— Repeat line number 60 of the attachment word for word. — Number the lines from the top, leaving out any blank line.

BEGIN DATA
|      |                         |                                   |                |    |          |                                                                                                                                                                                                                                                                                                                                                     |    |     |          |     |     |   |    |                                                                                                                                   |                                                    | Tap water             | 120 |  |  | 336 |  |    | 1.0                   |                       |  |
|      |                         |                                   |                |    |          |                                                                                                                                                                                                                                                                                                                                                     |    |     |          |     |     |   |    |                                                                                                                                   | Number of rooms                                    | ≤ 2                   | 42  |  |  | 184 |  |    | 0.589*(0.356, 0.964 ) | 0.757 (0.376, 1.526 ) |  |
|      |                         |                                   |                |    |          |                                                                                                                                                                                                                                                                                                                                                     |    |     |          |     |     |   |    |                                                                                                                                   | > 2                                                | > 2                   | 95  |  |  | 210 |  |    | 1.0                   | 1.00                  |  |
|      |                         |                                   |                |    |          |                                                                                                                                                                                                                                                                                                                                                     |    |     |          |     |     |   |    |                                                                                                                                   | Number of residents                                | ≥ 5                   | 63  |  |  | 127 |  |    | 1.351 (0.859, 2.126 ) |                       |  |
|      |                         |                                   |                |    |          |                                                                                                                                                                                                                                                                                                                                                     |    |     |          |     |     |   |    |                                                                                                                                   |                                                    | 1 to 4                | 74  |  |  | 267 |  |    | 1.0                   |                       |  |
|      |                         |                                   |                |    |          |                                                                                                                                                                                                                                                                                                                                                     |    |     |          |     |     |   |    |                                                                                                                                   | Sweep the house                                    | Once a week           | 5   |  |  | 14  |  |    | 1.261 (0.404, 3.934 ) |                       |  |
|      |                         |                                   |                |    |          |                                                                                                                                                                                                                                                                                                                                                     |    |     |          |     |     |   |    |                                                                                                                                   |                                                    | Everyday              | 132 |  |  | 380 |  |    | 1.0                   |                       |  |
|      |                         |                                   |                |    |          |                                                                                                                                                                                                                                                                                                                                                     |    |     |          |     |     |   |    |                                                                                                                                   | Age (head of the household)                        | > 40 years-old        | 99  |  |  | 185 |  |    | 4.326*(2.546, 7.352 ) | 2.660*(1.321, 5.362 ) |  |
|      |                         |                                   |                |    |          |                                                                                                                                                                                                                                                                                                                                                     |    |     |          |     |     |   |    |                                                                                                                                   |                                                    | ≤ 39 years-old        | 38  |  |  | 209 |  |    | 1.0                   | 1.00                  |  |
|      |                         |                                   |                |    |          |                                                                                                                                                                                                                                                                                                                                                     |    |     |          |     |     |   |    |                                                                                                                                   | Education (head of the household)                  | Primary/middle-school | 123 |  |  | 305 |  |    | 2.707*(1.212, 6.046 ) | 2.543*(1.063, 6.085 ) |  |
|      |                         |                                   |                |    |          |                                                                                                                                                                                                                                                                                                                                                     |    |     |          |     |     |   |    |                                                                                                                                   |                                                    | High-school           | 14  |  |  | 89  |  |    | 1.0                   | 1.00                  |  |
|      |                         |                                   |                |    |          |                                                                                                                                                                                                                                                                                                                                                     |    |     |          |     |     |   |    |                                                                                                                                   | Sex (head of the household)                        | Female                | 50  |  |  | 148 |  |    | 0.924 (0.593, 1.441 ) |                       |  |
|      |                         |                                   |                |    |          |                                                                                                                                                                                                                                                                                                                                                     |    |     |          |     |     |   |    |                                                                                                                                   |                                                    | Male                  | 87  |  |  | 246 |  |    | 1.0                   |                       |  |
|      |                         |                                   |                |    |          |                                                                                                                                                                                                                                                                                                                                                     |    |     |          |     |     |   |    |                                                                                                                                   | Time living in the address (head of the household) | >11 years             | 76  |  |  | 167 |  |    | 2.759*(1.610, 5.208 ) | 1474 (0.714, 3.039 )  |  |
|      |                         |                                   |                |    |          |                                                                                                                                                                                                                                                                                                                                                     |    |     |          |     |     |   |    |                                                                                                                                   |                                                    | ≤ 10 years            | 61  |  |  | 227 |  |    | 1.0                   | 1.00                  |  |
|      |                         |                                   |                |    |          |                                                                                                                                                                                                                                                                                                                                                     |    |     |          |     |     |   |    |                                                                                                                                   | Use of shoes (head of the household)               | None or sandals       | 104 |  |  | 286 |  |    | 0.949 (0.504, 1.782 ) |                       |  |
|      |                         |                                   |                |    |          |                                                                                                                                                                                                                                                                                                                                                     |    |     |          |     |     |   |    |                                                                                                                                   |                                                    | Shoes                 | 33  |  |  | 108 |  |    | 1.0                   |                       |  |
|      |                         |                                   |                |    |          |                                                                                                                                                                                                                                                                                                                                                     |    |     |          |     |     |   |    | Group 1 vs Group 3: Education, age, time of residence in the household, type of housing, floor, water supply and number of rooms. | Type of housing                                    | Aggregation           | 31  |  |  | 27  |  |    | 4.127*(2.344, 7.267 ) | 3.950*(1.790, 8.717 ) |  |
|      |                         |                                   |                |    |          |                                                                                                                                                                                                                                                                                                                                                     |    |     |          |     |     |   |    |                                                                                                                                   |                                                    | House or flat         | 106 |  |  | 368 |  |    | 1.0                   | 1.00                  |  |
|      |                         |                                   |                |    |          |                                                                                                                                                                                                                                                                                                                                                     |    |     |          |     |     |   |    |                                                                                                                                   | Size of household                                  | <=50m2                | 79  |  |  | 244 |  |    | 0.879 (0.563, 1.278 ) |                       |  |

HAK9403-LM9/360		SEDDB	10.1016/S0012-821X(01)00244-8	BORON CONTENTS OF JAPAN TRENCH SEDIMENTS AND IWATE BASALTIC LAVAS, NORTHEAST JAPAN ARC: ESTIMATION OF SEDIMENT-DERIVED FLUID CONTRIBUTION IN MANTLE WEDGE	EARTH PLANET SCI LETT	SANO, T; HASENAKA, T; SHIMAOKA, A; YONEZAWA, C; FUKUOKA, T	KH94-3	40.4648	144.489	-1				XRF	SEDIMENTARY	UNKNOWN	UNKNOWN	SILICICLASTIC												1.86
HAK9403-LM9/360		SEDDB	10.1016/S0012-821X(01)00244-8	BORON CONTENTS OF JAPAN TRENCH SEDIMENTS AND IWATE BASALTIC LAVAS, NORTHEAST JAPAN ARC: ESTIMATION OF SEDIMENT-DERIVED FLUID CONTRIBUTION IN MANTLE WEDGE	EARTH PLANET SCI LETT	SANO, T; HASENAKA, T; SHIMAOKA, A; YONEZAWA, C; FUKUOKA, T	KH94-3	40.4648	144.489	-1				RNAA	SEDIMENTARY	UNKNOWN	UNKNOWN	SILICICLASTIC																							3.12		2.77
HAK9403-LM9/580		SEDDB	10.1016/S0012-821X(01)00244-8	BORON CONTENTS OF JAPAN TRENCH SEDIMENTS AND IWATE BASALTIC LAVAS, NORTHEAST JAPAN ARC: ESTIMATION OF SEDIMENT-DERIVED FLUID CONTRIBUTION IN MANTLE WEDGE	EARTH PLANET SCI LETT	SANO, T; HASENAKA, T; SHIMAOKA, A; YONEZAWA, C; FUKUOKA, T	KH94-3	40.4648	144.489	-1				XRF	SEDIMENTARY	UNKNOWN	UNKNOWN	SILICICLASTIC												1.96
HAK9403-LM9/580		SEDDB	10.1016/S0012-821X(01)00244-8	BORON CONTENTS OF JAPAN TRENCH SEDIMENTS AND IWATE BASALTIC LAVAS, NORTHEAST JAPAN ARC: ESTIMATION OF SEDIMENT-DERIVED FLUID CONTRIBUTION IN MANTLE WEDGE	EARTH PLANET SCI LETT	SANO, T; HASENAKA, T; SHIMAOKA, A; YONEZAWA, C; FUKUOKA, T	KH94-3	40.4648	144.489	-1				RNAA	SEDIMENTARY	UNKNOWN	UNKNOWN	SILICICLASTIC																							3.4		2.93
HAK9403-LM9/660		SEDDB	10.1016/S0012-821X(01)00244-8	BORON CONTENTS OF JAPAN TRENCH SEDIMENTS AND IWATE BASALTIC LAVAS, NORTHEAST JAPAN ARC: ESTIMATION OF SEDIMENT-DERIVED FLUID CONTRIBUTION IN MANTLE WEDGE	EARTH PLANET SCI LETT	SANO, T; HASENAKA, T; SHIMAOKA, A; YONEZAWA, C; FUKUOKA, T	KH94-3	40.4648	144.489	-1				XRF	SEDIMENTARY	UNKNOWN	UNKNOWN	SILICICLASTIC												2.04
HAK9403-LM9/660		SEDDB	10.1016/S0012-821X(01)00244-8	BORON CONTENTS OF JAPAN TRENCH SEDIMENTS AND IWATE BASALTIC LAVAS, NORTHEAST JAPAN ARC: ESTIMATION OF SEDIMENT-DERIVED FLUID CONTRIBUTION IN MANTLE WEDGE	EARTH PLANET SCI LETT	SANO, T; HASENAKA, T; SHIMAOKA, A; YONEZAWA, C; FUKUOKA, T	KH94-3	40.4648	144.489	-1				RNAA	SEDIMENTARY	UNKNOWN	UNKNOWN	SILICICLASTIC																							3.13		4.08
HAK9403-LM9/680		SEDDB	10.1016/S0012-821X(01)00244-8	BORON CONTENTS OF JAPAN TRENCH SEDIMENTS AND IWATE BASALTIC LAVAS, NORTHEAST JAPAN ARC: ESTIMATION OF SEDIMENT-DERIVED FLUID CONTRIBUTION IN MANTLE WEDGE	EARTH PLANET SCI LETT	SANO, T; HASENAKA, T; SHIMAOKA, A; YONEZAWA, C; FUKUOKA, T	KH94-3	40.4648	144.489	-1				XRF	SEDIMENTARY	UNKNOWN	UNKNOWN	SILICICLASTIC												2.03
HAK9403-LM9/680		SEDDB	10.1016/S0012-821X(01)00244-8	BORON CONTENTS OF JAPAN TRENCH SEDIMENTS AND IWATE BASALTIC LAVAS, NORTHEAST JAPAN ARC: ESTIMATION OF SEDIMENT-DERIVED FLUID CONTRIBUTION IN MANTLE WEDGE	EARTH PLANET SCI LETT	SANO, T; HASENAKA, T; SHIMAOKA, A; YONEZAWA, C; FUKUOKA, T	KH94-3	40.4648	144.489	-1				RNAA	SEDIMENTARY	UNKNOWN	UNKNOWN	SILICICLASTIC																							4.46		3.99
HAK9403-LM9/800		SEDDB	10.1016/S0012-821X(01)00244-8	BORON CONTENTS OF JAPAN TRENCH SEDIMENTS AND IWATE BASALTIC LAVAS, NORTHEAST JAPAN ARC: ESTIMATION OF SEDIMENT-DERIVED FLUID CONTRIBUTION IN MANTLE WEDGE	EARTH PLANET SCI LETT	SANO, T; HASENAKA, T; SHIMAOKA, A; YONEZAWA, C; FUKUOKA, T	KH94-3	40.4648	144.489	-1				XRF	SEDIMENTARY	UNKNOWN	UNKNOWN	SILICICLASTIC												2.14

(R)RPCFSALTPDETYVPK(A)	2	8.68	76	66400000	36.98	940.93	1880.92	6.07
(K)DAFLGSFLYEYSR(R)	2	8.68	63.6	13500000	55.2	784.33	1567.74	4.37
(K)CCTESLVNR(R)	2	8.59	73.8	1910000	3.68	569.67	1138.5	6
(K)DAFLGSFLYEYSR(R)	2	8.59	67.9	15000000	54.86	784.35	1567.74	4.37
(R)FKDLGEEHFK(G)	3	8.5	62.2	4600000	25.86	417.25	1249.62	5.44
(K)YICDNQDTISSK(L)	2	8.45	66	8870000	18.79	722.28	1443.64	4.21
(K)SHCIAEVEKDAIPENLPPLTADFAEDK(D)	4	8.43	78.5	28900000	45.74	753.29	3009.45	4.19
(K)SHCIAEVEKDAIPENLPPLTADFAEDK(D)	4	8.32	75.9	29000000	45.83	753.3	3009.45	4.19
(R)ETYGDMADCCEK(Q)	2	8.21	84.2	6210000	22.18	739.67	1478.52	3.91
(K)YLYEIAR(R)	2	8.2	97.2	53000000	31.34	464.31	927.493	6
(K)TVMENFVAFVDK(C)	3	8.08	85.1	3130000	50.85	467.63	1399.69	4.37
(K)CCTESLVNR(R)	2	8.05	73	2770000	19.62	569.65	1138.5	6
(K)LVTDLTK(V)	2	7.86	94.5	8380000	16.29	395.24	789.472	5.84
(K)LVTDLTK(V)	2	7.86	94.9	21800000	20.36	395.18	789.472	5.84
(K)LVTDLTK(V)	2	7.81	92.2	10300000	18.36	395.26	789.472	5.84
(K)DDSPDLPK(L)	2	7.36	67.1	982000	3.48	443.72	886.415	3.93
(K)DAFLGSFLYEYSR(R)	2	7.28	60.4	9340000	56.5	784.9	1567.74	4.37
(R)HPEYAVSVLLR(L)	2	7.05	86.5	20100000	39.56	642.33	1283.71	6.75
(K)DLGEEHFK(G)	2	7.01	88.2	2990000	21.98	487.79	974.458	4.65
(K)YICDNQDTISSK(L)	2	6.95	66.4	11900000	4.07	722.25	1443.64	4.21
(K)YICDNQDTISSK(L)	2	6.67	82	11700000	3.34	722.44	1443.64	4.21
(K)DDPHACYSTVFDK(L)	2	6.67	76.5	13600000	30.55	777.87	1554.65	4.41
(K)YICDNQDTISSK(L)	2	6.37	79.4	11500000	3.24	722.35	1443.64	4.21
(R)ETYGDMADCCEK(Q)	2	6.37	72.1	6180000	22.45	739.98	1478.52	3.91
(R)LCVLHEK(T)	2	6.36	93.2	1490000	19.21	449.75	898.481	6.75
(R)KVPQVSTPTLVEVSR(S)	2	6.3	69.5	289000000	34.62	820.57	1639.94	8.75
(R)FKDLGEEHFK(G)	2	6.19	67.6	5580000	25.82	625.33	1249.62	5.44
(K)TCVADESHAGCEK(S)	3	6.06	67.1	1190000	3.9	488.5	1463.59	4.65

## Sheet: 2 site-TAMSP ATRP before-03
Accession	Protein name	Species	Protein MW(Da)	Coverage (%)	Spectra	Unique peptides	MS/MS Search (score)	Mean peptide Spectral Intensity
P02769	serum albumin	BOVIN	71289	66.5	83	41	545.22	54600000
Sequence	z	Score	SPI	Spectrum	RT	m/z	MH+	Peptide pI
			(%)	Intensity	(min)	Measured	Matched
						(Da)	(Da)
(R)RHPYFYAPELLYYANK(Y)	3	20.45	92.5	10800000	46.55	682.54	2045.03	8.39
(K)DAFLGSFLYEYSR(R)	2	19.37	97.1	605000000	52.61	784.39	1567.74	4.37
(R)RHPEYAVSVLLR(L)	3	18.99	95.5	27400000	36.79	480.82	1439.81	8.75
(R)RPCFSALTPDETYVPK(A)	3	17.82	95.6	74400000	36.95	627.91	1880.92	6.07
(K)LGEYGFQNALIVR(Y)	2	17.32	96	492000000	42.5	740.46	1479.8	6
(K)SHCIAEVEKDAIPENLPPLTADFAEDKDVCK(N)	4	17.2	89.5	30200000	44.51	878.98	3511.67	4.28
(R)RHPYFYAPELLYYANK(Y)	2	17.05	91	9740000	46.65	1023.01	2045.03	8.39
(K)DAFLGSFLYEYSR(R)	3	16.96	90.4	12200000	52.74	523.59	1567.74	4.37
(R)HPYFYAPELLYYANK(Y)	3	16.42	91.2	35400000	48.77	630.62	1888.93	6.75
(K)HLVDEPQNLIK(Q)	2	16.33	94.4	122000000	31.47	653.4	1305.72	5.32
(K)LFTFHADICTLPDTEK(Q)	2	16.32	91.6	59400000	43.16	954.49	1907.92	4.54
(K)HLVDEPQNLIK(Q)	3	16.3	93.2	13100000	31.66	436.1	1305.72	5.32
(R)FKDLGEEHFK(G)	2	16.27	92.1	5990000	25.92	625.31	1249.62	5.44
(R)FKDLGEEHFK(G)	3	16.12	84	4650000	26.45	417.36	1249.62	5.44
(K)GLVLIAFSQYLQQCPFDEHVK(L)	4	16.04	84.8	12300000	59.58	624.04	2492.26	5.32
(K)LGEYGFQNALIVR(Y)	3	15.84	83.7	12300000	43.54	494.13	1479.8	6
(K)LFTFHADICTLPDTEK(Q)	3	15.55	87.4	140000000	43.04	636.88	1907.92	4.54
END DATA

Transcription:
P02769	serum albumin	BOVIN	71289	66.5	83	41	545.22	54600000